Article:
Coffee and tea to blame for Australian caffeine concerns, says Australian Beverages Council

Posted by AFN Staff Writers on 11th September 2013

Coffee and tea are still the main source of caffeine for Australians, according to a survey undertaken by beverage industry representative body the Australian Beverages Council.

The Galaxy Poll, finalised in late August 2013, asked 1,105 Australians aged between 15 and 49 a range of questions about their weekly and monthly consumption of products that contain caffeine.

“As well as getting some insightful information about where Australians are getting their caffeine from, we also wanted to find out whether or not they are aware of the caffeine content of some commonly consumed products,” said Geoff Parker, the Australian Beverage Council’s Chief Executive Officer.

“As the representative body for 95 per cent of non-alcoholic beverages manufacturers and distributors in the country, we need to know firstly if there is a need to educate consumers about caffeinated products and if there is, then whether that’s in the area of consumption or caffeine content or both,” Mr Parker said.

Where are Australians getting their caffeine?

The Australian Beverages Council said the results of its survey showed that coffee and tea remain the major contributors to caffeine consumption in Australia. Together, coffee and tea represented 70 per cent of the weekly caffeine intake, with coffee (instant, café/coffee shop, green and black) contributing 19 per cent. The remaining contributors were cola drinks at 18 per cent, and chocolate, which was equal with energy drinks at 5 per cent.

The Australian Beverages Council said caffeine tablets and training supplements were outside the scope of the survey.

“In considering caffeine in the diet and any changes to the regulations, the Government must recognise coffee is the obvious place to start,” Mr Parker said.

“On the one hand, coffee is the most highly caffeinated product and is by far the largest contributor to caffeine intake with up to 250mg in a long black,” Mr Parker said. “But then on the other hand, there is absolutely no limit on how much caffeine may be in a cup of coffee, and no labelling requirements. No matter what lens you view it through, the scales just don’t balance,” he said.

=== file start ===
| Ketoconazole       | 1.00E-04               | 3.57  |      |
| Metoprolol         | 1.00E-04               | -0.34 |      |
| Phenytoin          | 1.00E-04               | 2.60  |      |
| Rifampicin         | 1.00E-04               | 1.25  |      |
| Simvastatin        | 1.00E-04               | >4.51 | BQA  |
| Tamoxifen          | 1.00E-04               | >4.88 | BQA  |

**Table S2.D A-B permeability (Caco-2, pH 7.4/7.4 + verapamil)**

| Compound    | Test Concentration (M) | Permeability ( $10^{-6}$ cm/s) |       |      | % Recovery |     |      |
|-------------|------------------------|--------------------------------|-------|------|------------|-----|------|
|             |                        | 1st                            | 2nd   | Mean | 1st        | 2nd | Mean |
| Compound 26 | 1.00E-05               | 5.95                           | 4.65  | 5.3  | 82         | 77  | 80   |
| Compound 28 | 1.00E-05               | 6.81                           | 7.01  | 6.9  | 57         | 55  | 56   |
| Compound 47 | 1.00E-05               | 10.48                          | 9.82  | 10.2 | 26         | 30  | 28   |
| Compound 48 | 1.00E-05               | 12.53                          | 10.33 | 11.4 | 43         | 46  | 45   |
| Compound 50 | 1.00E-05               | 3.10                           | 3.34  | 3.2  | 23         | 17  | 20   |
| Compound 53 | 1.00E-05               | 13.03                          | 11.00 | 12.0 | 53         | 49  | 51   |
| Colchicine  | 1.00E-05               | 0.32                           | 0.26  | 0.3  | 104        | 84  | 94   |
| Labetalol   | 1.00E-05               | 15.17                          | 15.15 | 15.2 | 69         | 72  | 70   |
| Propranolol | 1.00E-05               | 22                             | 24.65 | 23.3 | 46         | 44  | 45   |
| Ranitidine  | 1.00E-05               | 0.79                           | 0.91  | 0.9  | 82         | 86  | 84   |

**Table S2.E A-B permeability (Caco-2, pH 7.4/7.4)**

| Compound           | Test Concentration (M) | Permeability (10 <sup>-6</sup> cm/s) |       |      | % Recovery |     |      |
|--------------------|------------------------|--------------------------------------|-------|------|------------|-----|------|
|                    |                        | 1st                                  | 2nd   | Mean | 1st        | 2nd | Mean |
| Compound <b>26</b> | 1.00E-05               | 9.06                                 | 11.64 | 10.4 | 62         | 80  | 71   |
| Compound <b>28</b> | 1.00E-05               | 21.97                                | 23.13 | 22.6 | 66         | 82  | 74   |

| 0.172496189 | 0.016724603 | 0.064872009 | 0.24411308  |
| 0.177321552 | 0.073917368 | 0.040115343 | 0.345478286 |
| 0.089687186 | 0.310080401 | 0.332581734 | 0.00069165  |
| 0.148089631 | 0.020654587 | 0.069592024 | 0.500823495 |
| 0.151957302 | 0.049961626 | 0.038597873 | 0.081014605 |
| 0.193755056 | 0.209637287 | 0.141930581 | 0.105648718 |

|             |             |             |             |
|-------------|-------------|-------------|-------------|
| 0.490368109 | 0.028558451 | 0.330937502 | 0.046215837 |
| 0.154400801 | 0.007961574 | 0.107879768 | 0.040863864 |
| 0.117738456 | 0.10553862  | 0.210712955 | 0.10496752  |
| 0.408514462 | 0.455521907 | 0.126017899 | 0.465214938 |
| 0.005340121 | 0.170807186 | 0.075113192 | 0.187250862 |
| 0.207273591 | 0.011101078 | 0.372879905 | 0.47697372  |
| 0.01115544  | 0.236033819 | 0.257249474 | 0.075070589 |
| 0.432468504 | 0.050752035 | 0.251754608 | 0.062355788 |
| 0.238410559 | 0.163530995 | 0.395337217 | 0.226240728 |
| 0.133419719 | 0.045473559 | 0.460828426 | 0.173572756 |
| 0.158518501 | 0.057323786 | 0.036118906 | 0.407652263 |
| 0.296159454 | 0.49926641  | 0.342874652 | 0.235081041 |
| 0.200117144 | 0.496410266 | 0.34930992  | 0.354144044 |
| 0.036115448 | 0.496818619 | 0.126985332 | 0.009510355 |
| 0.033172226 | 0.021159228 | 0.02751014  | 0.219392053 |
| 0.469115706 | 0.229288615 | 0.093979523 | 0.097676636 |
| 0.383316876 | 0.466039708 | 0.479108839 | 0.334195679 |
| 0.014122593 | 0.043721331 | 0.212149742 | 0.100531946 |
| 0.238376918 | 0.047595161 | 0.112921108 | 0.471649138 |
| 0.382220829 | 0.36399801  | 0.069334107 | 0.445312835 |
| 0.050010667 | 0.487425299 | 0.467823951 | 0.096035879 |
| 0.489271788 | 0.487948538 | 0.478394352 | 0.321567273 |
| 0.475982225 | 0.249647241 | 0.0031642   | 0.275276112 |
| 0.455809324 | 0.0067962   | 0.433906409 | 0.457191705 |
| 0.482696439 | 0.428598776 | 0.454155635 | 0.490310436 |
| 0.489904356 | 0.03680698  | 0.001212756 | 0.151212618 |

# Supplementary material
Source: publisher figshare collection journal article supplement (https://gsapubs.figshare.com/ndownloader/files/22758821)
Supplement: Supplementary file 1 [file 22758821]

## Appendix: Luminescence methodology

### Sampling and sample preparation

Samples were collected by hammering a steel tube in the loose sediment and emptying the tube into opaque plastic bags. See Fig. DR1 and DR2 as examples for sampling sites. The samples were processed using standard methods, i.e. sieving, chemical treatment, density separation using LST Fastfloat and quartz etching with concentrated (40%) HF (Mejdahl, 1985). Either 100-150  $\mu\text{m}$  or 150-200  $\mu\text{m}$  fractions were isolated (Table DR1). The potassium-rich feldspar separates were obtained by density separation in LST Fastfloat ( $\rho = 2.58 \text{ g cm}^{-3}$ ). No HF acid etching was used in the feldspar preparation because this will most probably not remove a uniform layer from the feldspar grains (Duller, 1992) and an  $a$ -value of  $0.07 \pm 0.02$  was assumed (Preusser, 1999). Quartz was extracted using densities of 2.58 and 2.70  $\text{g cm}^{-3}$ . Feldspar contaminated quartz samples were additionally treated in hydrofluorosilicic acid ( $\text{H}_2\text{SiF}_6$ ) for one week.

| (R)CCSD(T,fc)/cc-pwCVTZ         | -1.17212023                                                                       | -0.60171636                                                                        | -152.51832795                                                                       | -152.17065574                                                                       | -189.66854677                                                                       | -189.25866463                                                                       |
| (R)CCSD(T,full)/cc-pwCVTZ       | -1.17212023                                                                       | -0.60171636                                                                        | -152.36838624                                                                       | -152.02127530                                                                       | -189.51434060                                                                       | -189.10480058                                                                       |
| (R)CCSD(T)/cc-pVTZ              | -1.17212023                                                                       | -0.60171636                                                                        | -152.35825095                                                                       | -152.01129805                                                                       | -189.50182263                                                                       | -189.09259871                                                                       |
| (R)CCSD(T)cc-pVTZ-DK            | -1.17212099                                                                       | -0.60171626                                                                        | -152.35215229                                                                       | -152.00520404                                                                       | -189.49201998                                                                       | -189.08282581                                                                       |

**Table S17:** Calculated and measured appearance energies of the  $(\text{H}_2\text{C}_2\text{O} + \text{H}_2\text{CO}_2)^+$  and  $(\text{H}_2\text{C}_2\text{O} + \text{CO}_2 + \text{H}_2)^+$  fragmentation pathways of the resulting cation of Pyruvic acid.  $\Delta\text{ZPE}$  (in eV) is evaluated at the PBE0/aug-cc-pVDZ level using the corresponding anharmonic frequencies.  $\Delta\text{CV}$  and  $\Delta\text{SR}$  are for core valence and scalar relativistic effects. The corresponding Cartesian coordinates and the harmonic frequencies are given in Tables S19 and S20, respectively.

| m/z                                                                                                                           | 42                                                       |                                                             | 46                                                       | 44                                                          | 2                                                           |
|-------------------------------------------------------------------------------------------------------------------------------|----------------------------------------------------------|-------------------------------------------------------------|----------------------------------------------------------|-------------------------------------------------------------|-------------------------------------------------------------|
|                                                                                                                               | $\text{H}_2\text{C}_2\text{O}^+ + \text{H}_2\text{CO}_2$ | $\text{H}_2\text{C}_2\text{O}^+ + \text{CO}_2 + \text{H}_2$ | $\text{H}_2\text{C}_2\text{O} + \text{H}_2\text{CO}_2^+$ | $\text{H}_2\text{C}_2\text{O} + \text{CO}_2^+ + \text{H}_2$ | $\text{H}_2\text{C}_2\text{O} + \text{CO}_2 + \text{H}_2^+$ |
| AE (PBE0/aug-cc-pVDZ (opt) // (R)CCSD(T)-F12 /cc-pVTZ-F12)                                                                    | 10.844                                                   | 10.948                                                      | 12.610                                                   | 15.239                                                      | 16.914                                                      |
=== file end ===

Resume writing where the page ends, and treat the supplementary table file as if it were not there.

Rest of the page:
“All of the hype is around energy drinks, which are limited to an absolute caffeine content the same as an instant cup of coffee – 80mg for a 250mL can – yet they only contribute 5 per cent to the caffeine intake of Australians,” Mr Parker said. “As far as labelling is concerned, energy drinks in Australia set the highest benchmark – not just here, but anywhere in the world. As well as disclosing the amount of caffeine, they also provide advisory statements on who should avoid consumption, and a daily maximum consumption allowance,” he said.

Coffee has the highest caffeine content

Information from Food Standards Australian New Zealand and the Australian Institute of Sport lists café coffees like a long black, which has approximately 250mg of caffeine, and cappuccinos and lattes, which have a range of 113-282mg for a  250mL cup, as the most highly caffeinated products. A 250mL energy drink has a maximum of 80mg of caffeine, which is similar to the amount in a cup of instant coffee (60-80mg), while cola drinks contain 49mg, which is similar to a cup of black tea (25-110mg).

“Every one of us knows from our own experience that there’s a café on every corner and that specialty coffee is also within arm’s reach at home through popular pod machines,” Mr Parker said. “As a population, we’re all drinking a lot more coffee. We consume 1 billion cups a year outside of the home and 4 billion cups at home. In the 8 year period between 2003-2011, there were nearly 2,000 new cafes established,” he said.

Australian Food News reported in September 2013 that the Government had released a Food Regulation Policy Options Paper for the regulation of caffeine in Australia. That report also acknowledged the role of an increase in coffee consumption in concerns about caffeine consumption.

Caffeine levels in cola-type beverages and energy drinks are limited by regulations in the Food Code and therefore have presumably remained reasonably constant since the introduction of the Ministerial Council Policy Guideline in 2003, according to the Government report.

“However, newer products introduced to the market since 2003, such as energy shots, have generally contained more caffeine by volume than many other caffeine containing products,” the report said.

According to the Government report, energy shots contained between 133mg and 200mg per 100mL.

Australians not aware of relative caffeine content of different products

According to the Australian Beverages Council, its survey showed that just 4 per cent of Australians could correctly indicate that coffee from a café contains the highest amount of caffeine. More than a third (36 per cent) incorrectly said that energy drinks were the most highly caffeinated.

The Australian Beverages Council survey found the following perceptions of which products contained the highest level of caffeine:

  • 36 per cent said energy drinks (contains 80mg)
  • 25 per cent said extra-caffeinated cola drinks (contains 69mg)
  • 16 per cent said espresso coffee (contains 107mg)
  • 4 per cent said cola drinks (contains 49 mg)
  • 4 per cent said coffee from a café (contains 107-282mg)

“This result is just another reminder that coffee, which contributes the most to caffeine intake and has the highest concentration of caffeine, is also the product that Australians know the least about when it comes to judging caffeine content,” Mr Parker said.

Coffee and tea consumption to blame for caffeine concerns, says Australian Beverages Council